Countries have committed, through the Paris Agreement and the Sustainable Development Goals (SDGs), to pursue climate targets and policies that would limit global temperature rise to well below 2 degrees Celsius, compared to pre-industrial levels. A shift toward green public investment will help to mitigate greenhouse gas (GHG) emissions. In addition, substantial public investment will be necessary to build public infrastructure that makes economies more resilient to climate change and related natural disasters. Climate change mitigation and adaptation challenges thus compound preexisting needs for public investment to foster the economic recovery from the pandemic and to meet the SDGs in a broader range of areas, often in a context of limited fiscal space. Against this backdrop, a priority for all countries is to manage their public investment efficiently and effectively. To help countries improve the institutions and processes for infrastructure governance (the planning, allocation, and implementation of public investment), the IMF developed in 2015 the Public Investment Management Assessment (PIMA), which has already been applied in over 70 countries. However, the current PIMA does not provide a sufficiently tailored assessment of how public investment management can support climate change mitigation and adaptation. To fill this gap, this paper introduces a new module to the to the current Public Investment Management Assessment (PIMA) framework, the “Climate-PIMA” (C-PIMA), whose goal is to help governments identify potential improvements in public investment institutions and processes to build low-carbon and climate-resilient infrastructure.
Mr. Marco Arena, Mr. Rudolfs Bems, Mr. Nadeem Ilahi, Mr. Jaewoo Lee, William Lindquist, and Mr. Tonny Lybek
Several emerging market central banks in Europe deployed asset purchase programs (APPs) amid the 2020 pandemic. The common main goals were to address market dysfunction and impaired monetary transmission, distinct from the quantitative easing conducted by major advanced economy central banks. Likely reflecting the global nature of the crisis, these APPs defied the traditional emerging market concern of destabilizing the exchange rate or inflation expectations and instead alleviated markets successfully. We uncover some evidence that APPs in European emerging markets stabilized government bond markets and boosted equity prices, with no indication of exchange rate pressure. Examining global and domestic factors that could limit the usability of APPs, in the event of renewed market dysfunction we see a potential scope for scaling up APPs in most European emerging markets that used APPs during the pandemic, provided that they remain consistent with the primary objective of monetary policy and keep a safe distance from the risk of fiscal dominance. As central banks in the region move towards monetary policy tightening, the tapering, ending, and unwinding of APPs must also be carefully considered. Clear and transparent communication is critical at each step of the process, from the inception to the closure of APPs, particularly when a large shock hits and triggers a major policy shift.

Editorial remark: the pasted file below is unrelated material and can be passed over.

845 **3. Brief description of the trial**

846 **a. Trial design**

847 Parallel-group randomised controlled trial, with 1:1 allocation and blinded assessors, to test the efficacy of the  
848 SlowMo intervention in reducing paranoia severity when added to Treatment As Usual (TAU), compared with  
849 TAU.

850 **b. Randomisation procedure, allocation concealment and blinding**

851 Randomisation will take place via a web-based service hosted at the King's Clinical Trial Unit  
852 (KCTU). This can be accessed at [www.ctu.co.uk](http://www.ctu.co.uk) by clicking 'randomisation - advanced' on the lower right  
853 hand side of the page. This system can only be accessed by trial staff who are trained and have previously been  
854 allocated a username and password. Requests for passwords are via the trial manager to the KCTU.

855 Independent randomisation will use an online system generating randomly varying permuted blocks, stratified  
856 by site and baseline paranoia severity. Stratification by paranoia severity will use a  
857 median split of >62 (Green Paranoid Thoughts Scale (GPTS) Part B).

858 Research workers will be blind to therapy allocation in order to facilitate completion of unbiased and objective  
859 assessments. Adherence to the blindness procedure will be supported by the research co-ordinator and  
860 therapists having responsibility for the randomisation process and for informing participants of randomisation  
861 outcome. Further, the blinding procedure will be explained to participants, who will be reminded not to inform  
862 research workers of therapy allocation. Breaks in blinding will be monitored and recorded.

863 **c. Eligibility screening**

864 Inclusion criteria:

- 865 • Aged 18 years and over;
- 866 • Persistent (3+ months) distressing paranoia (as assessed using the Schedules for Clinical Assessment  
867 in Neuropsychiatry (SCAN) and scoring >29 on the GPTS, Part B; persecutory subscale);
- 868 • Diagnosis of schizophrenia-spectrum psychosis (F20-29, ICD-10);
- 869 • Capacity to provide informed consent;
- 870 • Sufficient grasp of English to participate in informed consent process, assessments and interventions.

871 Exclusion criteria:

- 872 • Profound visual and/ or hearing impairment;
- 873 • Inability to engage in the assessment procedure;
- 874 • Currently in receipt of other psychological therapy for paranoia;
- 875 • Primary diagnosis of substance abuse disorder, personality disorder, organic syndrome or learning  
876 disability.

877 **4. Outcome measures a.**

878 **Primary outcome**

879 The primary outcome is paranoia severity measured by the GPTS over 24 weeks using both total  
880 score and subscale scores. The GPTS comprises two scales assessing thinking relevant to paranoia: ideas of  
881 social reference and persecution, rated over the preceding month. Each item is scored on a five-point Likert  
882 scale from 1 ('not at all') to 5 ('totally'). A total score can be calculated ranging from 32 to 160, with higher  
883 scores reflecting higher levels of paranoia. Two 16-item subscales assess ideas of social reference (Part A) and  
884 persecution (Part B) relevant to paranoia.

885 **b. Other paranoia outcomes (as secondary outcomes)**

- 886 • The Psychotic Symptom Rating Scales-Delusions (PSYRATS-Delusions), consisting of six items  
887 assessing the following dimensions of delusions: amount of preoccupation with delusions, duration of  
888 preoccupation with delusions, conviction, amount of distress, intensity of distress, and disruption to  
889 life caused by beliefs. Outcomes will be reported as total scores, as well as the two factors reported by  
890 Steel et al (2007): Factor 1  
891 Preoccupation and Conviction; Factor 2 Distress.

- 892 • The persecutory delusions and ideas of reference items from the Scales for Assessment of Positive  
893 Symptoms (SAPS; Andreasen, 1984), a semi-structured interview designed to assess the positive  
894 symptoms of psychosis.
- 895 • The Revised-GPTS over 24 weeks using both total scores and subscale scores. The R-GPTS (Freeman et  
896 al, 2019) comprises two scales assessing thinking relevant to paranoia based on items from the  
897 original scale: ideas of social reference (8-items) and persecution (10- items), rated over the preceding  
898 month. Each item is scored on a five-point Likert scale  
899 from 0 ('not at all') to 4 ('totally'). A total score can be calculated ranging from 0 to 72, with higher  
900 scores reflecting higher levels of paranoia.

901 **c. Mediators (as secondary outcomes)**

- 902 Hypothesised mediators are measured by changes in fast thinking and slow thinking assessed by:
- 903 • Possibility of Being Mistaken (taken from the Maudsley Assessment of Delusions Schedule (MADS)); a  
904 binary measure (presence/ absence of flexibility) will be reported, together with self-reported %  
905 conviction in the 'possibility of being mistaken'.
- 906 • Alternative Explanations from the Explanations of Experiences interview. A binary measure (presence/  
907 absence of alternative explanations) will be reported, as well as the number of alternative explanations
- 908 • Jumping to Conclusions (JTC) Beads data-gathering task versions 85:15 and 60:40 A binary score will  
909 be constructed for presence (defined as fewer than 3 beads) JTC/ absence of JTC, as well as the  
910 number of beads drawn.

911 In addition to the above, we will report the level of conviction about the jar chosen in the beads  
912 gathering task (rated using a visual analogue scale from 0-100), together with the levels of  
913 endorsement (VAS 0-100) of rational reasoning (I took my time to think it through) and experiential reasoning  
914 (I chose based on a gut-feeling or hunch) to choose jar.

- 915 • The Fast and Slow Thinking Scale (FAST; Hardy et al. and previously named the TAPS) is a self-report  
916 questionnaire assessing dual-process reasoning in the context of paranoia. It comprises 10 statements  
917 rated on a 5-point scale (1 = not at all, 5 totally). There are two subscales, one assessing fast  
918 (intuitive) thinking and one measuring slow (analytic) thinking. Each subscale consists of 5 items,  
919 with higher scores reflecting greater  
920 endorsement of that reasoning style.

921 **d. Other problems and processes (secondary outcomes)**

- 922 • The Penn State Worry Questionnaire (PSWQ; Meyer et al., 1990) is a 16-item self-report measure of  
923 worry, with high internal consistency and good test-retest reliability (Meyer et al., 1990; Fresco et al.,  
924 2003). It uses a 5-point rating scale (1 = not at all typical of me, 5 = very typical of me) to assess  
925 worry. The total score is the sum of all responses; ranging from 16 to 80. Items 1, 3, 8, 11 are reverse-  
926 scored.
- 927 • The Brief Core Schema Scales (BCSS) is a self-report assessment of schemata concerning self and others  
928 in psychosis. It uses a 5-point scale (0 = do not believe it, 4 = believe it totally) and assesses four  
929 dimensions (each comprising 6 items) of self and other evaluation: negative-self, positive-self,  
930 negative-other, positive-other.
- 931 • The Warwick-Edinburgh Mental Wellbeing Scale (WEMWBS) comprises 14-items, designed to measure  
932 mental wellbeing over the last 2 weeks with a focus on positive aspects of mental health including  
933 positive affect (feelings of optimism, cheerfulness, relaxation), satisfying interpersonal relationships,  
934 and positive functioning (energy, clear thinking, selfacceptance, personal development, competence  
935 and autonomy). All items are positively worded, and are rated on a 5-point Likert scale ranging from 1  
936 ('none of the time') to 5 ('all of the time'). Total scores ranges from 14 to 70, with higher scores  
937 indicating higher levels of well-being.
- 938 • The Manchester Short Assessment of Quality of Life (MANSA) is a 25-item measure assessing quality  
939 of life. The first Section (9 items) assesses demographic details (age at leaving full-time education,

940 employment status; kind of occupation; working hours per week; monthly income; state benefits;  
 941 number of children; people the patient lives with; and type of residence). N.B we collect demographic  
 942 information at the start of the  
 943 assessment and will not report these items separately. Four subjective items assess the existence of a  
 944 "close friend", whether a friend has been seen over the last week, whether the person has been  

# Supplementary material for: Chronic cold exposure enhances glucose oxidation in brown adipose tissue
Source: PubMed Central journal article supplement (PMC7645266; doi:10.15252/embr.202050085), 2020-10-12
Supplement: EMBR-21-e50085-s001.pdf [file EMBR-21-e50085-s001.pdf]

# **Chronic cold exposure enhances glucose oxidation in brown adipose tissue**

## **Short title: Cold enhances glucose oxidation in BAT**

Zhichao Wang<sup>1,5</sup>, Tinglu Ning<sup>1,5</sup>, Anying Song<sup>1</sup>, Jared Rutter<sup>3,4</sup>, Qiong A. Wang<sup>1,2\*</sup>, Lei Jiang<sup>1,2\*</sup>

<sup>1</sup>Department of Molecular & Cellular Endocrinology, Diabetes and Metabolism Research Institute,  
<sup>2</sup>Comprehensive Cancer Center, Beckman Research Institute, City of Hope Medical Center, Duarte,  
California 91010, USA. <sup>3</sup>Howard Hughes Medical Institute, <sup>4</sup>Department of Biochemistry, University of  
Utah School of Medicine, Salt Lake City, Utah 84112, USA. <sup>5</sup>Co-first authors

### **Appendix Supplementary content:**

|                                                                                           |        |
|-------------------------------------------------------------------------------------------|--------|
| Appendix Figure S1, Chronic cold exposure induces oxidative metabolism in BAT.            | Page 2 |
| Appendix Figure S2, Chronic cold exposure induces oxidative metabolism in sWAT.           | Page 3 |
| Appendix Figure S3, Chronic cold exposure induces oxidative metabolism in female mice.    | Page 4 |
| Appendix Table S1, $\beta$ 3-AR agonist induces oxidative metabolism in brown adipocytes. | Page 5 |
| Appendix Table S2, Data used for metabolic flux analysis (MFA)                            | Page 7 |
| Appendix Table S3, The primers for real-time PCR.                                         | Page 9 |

As other emerging economies reliant on tourism (about 25 percent total contribution of tourism-related industries in GDP and employment), Croatia has been hit hard by the pandemic and two devastating earthquakes, leading the economy to contract by 8.0 percent in 2020. Vaccinations have been rolled out to about 38 percent of the population (end-June 2021). Staff projects growth to bounce back to 5.4 percent in 2021, driven by a rebound in the services sector and investment, aided by fiscal and monetary policies, and bolstered by large EU grants over the medium-term.
The COVID-19 pandemic has caused dramatic loss of human life and major damage to the European economy, but thanks to an exceptionally strong policy response, potentially devastating outcomes have been avoided.